Simple Stuff About Complex Numbers

 

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If you are new to electrochemical impedance, or at least new to doing math with impedance values, here are a couple of simple facts about the arithmetic of complex numbers. More hints can be found at "Computing Impedance Values". Bard & Faulkner has a useful math appendix also.

Before you rush off to write a computer program to do arithmetic with complex numbers, consult Numerical Recipes There are tips and techniques to make things more "computable," i.e.,  how to compute values without crashing your program! See Sec 5.4.

The symbol i or j is used to represent the square root of -1. American electrochemists prefer j since it is not confused with current ( i ).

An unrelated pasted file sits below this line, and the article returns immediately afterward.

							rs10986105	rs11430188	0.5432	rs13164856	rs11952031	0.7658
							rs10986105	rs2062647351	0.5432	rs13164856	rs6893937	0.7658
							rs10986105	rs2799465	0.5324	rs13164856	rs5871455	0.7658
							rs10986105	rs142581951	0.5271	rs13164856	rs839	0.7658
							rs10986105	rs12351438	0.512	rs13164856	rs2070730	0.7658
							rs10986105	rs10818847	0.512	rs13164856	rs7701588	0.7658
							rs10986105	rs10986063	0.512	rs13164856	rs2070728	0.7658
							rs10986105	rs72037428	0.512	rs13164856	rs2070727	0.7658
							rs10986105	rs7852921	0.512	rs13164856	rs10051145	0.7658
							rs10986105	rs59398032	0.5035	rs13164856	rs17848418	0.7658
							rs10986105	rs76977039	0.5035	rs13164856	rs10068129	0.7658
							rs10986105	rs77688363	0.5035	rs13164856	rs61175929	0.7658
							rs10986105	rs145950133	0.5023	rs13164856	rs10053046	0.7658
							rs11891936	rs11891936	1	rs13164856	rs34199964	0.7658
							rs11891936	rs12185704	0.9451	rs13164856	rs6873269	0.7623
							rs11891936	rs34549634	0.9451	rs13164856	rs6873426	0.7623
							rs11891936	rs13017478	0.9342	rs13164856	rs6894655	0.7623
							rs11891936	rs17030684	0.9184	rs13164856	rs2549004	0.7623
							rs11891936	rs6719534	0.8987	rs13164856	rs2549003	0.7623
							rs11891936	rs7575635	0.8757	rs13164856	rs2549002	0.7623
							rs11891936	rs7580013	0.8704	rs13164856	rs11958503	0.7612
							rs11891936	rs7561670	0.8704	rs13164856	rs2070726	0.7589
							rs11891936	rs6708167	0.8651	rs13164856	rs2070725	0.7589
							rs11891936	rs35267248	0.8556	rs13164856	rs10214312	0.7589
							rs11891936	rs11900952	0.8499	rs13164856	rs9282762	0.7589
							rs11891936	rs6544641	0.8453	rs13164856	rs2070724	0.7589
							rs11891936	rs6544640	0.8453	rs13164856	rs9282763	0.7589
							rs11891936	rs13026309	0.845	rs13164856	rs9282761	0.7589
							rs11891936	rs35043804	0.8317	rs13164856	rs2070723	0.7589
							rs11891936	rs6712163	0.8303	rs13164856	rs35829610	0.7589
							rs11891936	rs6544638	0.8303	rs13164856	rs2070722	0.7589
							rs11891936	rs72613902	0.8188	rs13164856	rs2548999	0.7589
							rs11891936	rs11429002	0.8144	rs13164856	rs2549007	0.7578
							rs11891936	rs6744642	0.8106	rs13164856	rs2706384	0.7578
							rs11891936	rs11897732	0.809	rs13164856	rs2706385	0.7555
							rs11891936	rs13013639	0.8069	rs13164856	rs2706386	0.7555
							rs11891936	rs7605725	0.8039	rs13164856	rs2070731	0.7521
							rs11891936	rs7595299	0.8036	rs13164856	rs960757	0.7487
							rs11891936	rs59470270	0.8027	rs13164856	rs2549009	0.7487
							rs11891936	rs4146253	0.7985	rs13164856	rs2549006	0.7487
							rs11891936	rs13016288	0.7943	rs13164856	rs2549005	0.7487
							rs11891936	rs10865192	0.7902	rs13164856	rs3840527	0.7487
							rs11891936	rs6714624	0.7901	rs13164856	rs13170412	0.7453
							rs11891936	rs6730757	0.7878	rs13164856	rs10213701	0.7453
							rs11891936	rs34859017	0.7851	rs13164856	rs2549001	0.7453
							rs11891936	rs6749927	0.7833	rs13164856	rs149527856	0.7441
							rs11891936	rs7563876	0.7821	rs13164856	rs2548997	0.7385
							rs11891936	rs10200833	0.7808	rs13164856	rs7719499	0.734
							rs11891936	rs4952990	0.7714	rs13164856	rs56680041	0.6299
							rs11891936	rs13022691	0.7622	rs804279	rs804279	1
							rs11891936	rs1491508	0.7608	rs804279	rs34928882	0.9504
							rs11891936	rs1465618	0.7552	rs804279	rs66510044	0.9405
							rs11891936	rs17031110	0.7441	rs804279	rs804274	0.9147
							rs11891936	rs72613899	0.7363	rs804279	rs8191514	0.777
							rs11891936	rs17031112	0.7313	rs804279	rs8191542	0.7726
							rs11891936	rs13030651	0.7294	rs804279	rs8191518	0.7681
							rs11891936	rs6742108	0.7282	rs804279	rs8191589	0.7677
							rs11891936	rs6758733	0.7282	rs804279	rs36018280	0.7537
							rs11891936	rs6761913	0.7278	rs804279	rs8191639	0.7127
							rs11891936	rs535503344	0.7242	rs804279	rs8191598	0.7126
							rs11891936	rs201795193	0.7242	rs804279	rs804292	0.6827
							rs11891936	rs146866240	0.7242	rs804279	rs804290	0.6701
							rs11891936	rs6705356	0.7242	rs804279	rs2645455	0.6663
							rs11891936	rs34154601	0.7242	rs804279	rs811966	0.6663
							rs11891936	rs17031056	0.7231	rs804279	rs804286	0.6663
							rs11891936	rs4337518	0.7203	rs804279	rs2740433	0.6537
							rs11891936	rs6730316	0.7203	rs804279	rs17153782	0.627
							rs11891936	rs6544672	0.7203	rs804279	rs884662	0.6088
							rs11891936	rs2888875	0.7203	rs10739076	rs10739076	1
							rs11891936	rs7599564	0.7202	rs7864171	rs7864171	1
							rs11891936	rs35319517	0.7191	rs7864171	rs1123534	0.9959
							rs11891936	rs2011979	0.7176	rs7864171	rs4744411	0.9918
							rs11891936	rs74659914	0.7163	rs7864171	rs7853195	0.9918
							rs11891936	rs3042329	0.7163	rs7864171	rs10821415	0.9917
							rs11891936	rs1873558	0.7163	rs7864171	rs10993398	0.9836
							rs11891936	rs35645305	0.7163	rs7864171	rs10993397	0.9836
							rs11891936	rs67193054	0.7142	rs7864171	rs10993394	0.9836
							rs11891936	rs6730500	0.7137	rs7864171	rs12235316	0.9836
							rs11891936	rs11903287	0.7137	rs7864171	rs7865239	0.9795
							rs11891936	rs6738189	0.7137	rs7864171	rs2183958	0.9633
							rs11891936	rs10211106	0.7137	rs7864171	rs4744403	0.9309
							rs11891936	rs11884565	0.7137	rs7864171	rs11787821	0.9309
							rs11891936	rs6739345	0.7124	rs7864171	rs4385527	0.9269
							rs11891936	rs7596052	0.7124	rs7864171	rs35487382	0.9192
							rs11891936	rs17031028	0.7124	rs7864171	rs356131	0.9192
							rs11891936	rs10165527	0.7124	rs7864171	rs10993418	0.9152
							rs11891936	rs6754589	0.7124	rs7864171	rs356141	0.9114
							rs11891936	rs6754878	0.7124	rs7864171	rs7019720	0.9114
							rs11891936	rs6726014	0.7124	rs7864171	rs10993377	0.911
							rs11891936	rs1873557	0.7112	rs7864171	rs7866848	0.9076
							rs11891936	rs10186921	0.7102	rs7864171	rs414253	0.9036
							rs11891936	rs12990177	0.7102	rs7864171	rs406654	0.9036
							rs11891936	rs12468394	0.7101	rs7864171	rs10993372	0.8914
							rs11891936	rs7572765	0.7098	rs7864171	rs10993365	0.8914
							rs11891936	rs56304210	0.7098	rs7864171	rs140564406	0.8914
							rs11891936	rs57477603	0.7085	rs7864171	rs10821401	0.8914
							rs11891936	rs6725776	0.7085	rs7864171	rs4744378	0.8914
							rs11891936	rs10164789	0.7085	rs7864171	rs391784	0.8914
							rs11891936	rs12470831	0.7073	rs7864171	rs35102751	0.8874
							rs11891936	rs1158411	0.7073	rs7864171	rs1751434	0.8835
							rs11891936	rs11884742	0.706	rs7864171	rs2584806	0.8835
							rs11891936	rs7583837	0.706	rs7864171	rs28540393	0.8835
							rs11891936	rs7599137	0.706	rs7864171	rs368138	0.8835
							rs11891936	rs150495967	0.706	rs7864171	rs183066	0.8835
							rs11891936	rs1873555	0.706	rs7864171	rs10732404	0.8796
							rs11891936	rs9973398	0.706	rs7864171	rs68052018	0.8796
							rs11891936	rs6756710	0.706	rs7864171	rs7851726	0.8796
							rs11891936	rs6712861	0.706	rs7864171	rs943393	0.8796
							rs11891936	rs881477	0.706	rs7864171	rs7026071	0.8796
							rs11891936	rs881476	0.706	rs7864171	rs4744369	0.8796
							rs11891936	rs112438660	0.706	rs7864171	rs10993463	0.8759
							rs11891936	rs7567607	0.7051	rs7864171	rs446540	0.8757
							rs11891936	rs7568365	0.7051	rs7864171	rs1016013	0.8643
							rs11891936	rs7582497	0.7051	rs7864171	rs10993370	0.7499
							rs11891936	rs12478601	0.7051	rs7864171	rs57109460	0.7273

j=sqrt(-1); j^2=-1

The magnitude of a complex number is generally thought of as a positive (real) number and is the square root of the sum of the squares of the real and imaginary parts. It is sometimes called the modulus and often shown as | (a+jb) |.

The complex conjugate of a complex number simply negates the imaginary part.

To add or subtract two complex numbers, add or subtract the real and imaginary parts individually.

(a+jb)+-(c+jd)=(a+-c)+j(b+-d)

To multiply two complex numbers, multiply all cross terms and then collect real and imaginary components. Remember that j2=-1.

(a+jb)(c+jd)=(ac-bd)+j(ad+bc)

To invert a complex number, multiply top (numerator) and bottom (denominator) by the complex conjugate of the denominator. The is the equivalent of multiplying by one (1), so the value is unchanged.

1/(a+jb)

To divide one complex number by another, remember that it is the same as multiplying by the inverse of the denominator, and to combine the two hints, above.

(c+jd)/(a+jb)

 

 

 


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